That sort of consideration for the core—the trust placed in the actual practitioners of action sports—is analogous to VF’s own respect for its brand executives, and it is this nurturing but distanced paternity that has been the key to VF’s success. “VF has attained a certain level of respect here based on the level of execution they’ve shown with all of their outdoor brands,” says Baker. VF’s McDonald doesn’t hesitate when asked if the company has an appetite for another boardsports label: “We would be very interested in adding brands that don’t overlap with the ones we already have,” he says. “We want to be very active in this market.”
And so, with a tempered mix of ambition, empowerment and respect, the new kid on the block has won over the boys on boards.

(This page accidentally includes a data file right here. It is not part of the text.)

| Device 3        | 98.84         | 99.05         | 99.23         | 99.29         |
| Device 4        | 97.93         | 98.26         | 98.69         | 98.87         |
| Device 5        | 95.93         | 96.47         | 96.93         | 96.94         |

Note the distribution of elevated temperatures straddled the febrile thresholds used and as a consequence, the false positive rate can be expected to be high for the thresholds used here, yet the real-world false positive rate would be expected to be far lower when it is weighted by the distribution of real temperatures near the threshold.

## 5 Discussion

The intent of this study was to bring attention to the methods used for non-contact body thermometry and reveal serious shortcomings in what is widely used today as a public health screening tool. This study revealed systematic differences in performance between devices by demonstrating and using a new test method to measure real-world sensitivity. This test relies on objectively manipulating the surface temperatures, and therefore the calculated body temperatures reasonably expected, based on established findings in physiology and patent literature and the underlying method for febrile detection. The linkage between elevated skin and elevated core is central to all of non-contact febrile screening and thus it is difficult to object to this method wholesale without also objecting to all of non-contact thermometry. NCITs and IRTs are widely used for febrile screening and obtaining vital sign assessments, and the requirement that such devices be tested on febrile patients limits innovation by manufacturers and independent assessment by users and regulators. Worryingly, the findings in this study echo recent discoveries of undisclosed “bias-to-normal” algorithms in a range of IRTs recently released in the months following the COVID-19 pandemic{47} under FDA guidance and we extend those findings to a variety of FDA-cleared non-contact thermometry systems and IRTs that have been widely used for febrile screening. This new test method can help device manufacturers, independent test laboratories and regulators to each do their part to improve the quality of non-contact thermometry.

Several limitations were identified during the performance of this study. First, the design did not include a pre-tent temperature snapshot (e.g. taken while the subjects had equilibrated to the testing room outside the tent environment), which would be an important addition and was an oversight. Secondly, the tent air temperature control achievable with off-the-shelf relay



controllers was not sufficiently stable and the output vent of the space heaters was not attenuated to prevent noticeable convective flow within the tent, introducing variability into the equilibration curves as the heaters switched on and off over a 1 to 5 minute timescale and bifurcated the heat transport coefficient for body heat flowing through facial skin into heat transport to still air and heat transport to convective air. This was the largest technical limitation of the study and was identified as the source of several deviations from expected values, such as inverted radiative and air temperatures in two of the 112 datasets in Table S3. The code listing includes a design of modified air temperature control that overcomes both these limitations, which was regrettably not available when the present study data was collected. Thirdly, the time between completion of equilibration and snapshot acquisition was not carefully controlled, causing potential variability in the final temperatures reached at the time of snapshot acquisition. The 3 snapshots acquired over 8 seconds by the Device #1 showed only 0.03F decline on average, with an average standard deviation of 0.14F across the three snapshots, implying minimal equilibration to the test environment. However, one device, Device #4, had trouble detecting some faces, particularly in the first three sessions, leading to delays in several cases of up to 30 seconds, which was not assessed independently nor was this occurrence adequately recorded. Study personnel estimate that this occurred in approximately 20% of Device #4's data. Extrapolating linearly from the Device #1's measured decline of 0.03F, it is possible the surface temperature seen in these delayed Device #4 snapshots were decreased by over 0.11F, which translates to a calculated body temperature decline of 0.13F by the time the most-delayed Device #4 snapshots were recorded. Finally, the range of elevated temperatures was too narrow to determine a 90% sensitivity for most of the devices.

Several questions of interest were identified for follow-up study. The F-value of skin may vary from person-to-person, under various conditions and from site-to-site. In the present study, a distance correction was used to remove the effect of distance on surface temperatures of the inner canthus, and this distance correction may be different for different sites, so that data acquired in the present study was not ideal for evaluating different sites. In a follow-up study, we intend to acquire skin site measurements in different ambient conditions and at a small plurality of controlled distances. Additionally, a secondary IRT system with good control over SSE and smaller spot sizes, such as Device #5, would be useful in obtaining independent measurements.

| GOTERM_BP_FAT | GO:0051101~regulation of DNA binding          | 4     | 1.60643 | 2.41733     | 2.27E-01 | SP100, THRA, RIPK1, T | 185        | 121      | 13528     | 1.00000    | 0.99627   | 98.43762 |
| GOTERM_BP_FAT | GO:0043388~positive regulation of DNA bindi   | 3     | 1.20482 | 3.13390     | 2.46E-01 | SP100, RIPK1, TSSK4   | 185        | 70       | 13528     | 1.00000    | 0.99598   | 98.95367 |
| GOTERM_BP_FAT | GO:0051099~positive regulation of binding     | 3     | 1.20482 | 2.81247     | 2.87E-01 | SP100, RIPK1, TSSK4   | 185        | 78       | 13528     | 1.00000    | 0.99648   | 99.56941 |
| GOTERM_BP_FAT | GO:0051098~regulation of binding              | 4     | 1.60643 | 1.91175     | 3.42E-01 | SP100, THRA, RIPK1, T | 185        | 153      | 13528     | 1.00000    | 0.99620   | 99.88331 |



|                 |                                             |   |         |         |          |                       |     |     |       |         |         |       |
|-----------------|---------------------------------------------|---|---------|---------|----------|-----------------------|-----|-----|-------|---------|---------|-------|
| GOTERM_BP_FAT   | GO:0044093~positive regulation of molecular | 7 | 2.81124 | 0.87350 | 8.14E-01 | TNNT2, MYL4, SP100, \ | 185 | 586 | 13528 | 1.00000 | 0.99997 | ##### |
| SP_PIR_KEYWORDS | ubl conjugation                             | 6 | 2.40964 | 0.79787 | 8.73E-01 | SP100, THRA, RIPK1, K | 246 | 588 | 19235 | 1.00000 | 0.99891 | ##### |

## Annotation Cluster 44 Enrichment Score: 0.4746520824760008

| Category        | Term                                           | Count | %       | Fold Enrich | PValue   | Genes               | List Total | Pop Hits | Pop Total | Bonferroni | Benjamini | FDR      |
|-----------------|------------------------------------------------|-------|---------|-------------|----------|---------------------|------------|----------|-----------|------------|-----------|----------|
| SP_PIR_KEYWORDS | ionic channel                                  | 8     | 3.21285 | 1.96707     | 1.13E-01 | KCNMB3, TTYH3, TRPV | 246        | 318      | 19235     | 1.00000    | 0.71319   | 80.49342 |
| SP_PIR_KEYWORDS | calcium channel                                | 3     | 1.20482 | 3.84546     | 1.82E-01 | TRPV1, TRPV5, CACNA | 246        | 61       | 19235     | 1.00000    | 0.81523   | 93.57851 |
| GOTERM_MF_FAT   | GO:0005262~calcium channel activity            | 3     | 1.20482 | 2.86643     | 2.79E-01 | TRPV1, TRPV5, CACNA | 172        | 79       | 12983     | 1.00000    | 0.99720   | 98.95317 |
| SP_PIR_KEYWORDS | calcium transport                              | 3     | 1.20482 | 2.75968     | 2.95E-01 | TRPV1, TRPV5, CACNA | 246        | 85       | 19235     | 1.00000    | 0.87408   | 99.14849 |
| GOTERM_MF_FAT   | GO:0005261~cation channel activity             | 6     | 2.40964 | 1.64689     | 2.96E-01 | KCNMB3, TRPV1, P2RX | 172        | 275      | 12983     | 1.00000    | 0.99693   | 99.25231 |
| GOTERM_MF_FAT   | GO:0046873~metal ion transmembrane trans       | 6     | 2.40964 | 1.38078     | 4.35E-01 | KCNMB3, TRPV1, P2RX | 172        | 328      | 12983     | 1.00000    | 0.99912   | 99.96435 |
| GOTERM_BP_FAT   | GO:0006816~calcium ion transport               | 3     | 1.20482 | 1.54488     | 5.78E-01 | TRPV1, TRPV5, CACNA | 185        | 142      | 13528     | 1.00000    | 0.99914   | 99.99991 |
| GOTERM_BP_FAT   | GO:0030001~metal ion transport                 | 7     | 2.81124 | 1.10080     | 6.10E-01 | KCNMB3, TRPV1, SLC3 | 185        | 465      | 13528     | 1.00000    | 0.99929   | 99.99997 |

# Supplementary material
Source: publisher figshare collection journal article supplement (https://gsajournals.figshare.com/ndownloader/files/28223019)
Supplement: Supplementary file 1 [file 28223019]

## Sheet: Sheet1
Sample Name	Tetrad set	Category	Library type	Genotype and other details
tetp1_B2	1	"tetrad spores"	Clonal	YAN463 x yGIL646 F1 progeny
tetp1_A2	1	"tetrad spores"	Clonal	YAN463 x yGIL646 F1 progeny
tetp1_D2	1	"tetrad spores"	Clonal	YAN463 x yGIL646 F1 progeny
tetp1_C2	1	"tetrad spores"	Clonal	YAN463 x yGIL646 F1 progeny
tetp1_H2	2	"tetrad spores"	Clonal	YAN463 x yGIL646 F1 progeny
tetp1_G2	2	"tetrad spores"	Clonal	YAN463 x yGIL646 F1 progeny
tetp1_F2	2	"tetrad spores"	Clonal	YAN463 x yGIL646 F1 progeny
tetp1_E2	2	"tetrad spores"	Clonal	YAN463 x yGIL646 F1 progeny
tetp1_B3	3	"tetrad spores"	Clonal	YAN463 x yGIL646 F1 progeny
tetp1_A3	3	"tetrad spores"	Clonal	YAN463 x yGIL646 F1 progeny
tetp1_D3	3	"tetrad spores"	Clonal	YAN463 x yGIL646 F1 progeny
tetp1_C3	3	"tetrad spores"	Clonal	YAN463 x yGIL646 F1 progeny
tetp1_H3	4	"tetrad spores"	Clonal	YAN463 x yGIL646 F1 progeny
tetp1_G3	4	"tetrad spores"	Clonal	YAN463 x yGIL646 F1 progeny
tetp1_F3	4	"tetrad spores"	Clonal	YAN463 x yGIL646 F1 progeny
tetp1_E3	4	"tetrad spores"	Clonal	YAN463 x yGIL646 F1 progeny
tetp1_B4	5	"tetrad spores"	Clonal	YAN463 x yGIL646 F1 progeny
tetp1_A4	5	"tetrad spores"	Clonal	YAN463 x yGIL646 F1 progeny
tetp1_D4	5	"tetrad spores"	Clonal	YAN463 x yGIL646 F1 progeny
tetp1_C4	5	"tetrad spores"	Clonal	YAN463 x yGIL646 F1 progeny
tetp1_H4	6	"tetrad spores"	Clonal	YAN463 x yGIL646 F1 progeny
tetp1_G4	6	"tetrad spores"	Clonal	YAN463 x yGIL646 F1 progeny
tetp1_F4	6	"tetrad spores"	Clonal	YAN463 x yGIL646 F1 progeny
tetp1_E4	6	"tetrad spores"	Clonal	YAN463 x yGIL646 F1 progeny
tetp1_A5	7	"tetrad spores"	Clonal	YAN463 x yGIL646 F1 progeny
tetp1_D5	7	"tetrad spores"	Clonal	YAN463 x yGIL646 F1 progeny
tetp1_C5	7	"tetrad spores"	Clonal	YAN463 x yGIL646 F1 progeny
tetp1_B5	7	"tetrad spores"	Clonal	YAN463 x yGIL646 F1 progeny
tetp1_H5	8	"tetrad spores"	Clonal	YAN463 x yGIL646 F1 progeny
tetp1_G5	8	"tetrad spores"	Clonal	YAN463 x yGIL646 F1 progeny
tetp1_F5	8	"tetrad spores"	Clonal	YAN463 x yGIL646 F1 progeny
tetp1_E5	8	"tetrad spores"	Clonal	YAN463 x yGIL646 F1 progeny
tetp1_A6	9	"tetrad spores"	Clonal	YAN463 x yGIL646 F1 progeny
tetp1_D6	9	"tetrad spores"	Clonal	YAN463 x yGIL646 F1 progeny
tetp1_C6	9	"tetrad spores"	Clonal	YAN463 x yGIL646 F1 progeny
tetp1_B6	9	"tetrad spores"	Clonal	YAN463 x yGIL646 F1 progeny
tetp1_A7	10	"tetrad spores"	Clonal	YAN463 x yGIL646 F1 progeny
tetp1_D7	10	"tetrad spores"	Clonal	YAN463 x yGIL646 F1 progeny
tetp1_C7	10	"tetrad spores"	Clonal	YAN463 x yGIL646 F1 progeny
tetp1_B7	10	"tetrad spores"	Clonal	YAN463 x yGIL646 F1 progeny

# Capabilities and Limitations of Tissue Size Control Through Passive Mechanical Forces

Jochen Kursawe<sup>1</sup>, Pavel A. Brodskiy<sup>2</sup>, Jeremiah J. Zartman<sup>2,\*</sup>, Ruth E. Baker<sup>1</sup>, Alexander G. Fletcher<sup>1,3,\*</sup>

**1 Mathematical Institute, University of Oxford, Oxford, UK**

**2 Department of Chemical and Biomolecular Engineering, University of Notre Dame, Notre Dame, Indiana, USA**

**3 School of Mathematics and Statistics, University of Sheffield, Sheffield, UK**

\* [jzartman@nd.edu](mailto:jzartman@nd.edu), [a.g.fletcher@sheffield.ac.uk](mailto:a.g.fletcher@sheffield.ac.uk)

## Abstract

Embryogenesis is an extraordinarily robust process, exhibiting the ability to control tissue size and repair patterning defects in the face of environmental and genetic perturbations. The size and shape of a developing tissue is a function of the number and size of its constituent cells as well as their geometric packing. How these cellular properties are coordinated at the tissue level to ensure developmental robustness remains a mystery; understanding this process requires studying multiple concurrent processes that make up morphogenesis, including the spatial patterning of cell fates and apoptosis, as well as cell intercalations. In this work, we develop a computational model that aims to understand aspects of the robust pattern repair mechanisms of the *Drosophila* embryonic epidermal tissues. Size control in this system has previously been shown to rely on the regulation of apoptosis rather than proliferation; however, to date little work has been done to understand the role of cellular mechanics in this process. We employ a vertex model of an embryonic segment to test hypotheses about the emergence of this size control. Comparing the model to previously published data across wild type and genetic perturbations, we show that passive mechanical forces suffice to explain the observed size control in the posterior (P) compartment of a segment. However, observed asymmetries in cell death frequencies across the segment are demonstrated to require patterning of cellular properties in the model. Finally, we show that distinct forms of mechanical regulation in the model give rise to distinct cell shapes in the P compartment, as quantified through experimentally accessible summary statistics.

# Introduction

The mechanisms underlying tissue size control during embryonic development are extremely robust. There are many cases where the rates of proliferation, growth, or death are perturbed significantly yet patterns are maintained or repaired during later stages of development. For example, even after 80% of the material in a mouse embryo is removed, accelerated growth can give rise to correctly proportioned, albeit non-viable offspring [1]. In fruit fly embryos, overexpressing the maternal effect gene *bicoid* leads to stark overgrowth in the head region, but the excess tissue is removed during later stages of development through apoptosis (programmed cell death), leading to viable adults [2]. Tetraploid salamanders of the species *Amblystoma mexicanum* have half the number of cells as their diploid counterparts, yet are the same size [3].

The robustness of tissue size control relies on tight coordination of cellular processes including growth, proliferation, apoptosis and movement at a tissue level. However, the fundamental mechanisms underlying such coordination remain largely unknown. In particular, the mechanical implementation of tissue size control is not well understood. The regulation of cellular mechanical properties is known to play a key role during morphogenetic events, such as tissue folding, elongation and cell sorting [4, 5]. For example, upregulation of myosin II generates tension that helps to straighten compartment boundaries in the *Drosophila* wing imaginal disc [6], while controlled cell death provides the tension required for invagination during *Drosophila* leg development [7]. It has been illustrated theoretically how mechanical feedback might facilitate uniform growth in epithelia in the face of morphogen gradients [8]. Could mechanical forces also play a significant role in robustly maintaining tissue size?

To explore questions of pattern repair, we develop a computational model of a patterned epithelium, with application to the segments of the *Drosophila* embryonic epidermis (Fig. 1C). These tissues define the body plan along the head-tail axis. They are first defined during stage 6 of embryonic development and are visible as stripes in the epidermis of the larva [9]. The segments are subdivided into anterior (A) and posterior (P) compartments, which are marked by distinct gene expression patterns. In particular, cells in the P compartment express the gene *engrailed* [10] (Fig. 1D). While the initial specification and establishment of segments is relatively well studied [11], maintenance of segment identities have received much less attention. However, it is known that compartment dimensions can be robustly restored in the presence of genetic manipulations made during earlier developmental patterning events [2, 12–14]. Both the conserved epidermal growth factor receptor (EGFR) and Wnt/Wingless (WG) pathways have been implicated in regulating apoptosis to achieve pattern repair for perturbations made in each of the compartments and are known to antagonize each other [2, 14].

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Harrods plans to remove the famous statue of Princess Diana and Dodi Al Fayed from the bottom of the Egyptian escalators and hand it back to Mohamed Al-Fayed. “We are very proud to have played our role in celebrating the lives of Diana, Princess of Wales and Dodi Al Fayed at Harrods and to have welcomed people from around the world to visit the memorial for the past 20 years,” said Michael Ward, Harrods managing director. “With the announcement of the new official memorial statue to Diana, Princess of Wales at Kensington Palace, we feel that the time is right to return this memorial to Mr. Al Fayed and for the public to be invited to pay their respects at the palace.” More on the news, with reporting by @loreleimarfil, at WWD.com. #wwdnews